I begin my walk at the street that’s directly opposite ‘work’ and the Coca-Cola woman says ‘good morning’ with a huge smile on seeing me, it is the same smile that greets me when I come to buy Coca-Cola from her. I do not quite like that smile and how she brings out the Coca-Cola and gets the exact change to the two-headed naira note folded in my purse, while I am still saying ‘good morning’. Accepting an addiction to Coca-Cola is one thing but it is the nonchalance about predicting my choices that annoys me. Never mind that my brothers believe they can quote my thoughts on any subject or how friends I haven’t seen in years know to have dodo and Coca-Cola when I visit, I just do not like to think that I am predictable. Continue reading →
You left home at 6:49 in a rush because you were nineteen minutes late, but not before applying an extra coat of the indigo lipstick that makes little children wail when you smile at them. You tried to stop a bike but he looked at your lips and shook his head, his action made you grimace and decide to head to Kilo instead of the Lawanson you’d been aiming for. Finding your way to Kilo would involve two different keke rides or one keke and one okada, you chose the latter option even before you began. Continue reading →
I was hurrying to tell the doctors to stop prescribing a certain drug we had run out of when I saw her. Actually, it was the wrapper around her waist that stopped me, it was green with birds on it, my late grandmother had the same wrapper. Continue reading →
I’ve been in Benin-city for less than six hours and I’ve already heard the most outrageous (true) stories, laughed until my stomach clenched in protest and howled from every spectra of emotion from the things I’ve seen and heard.
I could write an essay, several actually; on what this city means to me. How the differing landscapes are as familiar as my name, or my ears receiving the flavour of Pidgin English makes my heart crackle and pop and how it is the language I’m most comfortable with, even though I first heard it after my seventeenth birthday. Perhaps it is the abundance of plantain and how you can get masses of it at prices that would shoot guilt daggers in you, or my favourite people calling this city home- especially that five year old girl who makes me believe in soul mates and past lives.
Maybe it’s the ease of conversation here, and the music with the words I don’t understand even if I twirl the rhythm around my fingers, as my mind uproots stories I am too lazy to sit in front of a computer and strike the keys that unlock the magic.
I should write “I love Benin-city”, but that is not wholly true; each time I scoop from the cauldron, the emotions are never the same. I’ll just write the truest thing- this town is where all my parts collide, where I am most capable of being me.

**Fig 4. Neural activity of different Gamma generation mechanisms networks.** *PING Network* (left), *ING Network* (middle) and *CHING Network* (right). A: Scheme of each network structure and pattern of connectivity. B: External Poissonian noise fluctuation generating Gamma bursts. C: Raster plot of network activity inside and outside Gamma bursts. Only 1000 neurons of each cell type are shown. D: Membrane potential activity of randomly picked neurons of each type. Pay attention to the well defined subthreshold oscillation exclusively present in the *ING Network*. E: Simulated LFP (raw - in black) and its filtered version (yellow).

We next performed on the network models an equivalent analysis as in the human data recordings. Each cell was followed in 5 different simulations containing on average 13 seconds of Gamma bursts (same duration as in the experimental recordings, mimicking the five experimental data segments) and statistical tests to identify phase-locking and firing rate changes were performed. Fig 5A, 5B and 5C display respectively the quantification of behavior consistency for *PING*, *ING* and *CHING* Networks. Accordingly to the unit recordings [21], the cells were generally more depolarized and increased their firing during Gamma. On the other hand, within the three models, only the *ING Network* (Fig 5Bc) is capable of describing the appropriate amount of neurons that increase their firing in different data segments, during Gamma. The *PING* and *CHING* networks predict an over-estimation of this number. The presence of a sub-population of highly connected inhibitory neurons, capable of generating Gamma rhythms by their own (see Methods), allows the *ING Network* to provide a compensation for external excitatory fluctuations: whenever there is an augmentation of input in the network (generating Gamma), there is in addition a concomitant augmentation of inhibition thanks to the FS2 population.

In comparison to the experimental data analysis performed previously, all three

“I will NEVER call my son from his room to come and hand me the remote that’s next to me like my parents did.
#BreakTheCycle”- Chike Delic Obi.
So I saw Chike’s post on Facebook about breaking the cycle and a certain mocking comment “Don’t worry when the time comes” prompted this post.
Earlier today, I was browsing through the videos on my phone looking for redundant videos to delete. I have dozens of videos that were donated to my phone from WhatsApp groups and a certain friend in obodo Amelika who sends me every funny video he discovers and the unfunny, scary ones too. When I got to the December 2016 videos, the thumbnail of one of them brought back memories that had me chuckling even before I opened the video. Continue reading →
I was writing about going to ‘Mango village’ while I was in JSS1 with Glory (I can’t remember if Martha came with us or if she was supposed to be the sentry} but as I wrote, I remembered the story you are about to read and began to write it instead.
When I was in JSS1, I was a bony, big eyed bibliophile who had only one bucket, a green OK plast contraption that provided for all my needs which was only one- washing my body. I washed my clothes at the tap and formed a pouch with my house wear, as other girls did, for taking the clothes to the dormitory without needing a container for them. You didn’t need a bucket of water to flush the toilet, you simply needed a paper or leather (nylon) bag and a good throwing arm for flinging the products of your business far into the corn farms that framed the back of our dormitory. If you were not in the frame of mind to expose your tender buttocks to other girls and most importantly, the teachers in staff quarters who used the road a few meters across from Culverwell, you would brave the faecal landmines to have only the budding ears of corn and God as witnesses to your bowel unloading activities. Continue reading →